This article by Judge Napolitano is eye-opening and well worth the read.
I have been writing for years about the dangers to human freedom that come from government mass surveillance. The United States was born in a defiant reaction to government surveillance. In the decade preceding the signing of the Declaration of Independence, the villains were the Stamp Act and the Writs of Assistance Act. Today, the villain is the Patriot Act. Here is the backstory. In 1765, when the British government was looking for creative ways to tax the colonists, Parliament enacted the Stamp Act. That law required all persons in the colonies to purchase stamps from a British government vendor and to affix them to all documents in one’s possession. These were not stamps as we use today, rather they bore the seal of the British government. The vendor would apply ink to the seal and for a fee — a tax — impress an image of the seal onto documents. All documents in one’s possession — financial, legal, letters, books, newspapers, pamphlets, even posters destined to be nailed to trees — required the government stamps. How did the British government, 3,000 miles away, know if one had its stamps on one’s documents? Answer: The Writs of Assistance Act. A writ of assistance was a general warrant issued by a secret court in London. A general warrant does not specifically describe the place to be searched or the person or thing to be seized. It merely authorized the bearer — a civilian or military government official — to search where he wished and seize whatever he found.Repeal the Patriot Act – LewRockwell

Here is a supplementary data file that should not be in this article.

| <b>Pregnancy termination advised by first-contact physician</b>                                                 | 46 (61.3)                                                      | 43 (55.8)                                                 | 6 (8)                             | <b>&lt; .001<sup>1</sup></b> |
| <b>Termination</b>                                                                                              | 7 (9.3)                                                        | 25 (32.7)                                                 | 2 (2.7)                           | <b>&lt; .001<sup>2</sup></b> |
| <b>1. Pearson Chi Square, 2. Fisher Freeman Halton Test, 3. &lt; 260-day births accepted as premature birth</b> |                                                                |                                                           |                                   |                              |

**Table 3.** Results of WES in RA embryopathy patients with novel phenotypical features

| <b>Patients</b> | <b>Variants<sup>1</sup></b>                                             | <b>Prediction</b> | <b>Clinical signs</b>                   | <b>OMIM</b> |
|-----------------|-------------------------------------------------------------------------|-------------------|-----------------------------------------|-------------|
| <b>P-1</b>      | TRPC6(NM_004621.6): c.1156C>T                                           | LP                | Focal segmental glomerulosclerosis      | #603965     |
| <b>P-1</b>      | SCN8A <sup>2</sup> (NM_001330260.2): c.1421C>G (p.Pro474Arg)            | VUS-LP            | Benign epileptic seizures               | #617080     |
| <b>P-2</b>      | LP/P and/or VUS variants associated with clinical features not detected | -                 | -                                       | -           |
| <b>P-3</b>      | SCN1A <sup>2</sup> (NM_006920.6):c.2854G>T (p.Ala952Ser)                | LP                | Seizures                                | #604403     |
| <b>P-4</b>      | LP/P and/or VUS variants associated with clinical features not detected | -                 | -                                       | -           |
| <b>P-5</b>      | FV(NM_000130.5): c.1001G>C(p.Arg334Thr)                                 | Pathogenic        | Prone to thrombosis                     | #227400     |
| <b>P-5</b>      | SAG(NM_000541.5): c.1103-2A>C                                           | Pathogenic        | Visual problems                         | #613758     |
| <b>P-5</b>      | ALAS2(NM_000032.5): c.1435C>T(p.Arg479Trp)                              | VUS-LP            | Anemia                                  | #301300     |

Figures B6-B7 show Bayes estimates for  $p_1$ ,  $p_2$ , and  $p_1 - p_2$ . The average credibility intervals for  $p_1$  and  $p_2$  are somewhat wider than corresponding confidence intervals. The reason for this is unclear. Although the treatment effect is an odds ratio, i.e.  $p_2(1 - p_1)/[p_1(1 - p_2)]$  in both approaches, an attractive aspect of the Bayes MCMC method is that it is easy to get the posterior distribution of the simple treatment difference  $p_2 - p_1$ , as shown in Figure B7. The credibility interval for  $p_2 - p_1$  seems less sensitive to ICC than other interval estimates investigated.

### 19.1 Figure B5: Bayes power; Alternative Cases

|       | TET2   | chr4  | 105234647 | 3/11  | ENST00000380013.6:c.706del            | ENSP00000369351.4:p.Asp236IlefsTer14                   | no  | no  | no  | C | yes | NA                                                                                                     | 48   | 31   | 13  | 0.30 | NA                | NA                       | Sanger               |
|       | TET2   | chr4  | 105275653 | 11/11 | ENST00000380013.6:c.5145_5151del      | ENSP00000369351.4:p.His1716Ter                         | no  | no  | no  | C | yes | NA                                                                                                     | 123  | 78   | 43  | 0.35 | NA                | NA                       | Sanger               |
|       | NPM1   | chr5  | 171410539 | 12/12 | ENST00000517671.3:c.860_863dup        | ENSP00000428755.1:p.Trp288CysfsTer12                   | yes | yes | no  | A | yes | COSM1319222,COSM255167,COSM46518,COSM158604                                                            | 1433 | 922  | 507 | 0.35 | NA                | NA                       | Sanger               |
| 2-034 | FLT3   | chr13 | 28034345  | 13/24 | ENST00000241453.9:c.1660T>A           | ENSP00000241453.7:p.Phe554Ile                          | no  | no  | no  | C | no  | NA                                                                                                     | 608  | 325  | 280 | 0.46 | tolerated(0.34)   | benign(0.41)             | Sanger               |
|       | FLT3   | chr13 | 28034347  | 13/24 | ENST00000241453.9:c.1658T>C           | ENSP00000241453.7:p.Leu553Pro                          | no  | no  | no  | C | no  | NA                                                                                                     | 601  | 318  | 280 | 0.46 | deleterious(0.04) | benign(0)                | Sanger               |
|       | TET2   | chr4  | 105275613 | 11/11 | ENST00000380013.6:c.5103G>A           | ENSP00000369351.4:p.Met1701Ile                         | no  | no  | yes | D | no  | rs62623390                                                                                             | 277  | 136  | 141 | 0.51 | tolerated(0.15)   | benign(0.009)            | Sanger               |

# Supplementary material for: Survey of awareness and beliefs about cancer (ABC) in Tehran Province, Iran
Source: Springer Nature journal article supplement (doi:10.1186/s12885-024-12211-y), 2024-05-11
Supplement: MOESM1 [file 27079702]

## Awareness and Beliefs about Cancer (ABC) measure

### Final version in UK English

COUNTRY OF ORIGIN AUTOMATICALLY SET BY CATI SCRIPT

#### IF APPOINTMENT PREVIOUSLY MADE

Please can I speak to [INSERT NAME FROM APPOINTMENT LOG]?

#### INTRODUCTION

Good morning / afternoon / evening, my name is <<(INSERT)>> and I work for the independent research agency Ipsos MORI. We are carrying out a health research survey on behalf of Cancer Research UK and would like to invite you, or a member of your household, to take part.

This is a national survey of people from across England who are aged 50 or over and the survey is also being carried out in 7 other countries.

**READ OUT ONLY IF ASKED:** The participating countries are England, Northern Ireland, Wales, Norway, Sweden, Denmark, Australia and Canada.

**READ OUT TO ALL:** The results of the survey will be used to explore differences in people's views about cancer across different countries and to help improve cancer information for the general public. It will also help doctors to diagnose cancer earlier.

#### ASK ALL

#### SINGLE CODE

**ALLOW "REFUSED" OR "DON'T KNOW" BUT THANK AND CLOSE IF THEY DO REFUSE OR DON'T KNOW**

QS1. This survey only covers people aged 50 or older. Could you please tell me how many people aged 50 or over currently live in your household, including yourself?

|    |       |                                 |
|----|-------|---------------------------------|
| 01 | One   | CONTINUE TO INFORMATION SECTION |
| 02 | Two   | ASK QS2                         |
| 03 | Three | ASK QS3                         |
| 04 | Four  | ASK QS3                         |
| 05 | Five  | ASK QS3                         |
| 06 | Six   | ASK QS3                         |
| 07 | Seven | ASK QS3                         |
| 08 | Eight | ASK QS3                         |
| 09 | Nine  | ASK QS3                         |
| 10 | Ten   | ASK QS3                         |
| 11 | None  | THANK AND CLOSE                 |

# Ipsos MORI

The major media in this country are all in the pocket of the DNC. If it doesn’t fit the prescribed narrative it doesn’t air. It’s that simple.
Elizabeth Warren has decided to lower the bar on censorship. No longer do we need to find some keyword or “dog whistle” to characterize something as worthy of being purged from the public discourse. Now, this paragon of truthfulness has decided that even this vague standard is not a fuzzy enough criterion to determine who should be silenced. Misinformation is to be the new touchstone.
Of course, all this comes from someone who would not be where she is today if she was not a habitual liar. I won’t bother to recount them here because they are so well known. Suffice it to say that she is not guilty of “misinformation” but outright fraud. Even those who tend to agree with what she proposes are beginning to see her for what she is as her tanking poll numbers indicate. Her petty and vicious attack on Bernie Sanders at the debate over a private conversation the two had is an indicator of just how desperate she is.
But this issue is much bigger than Elizabeth Warren. She will be little more than a trivia question that no one will be able to answer on Jeopardy in a year. But this constant drive to proscribe speech that one disagrees with by assigning it to a category that everyone agrees is pernicious is dangerous. It threatens every person’s right to express themselves in a free and open exchange of ideas.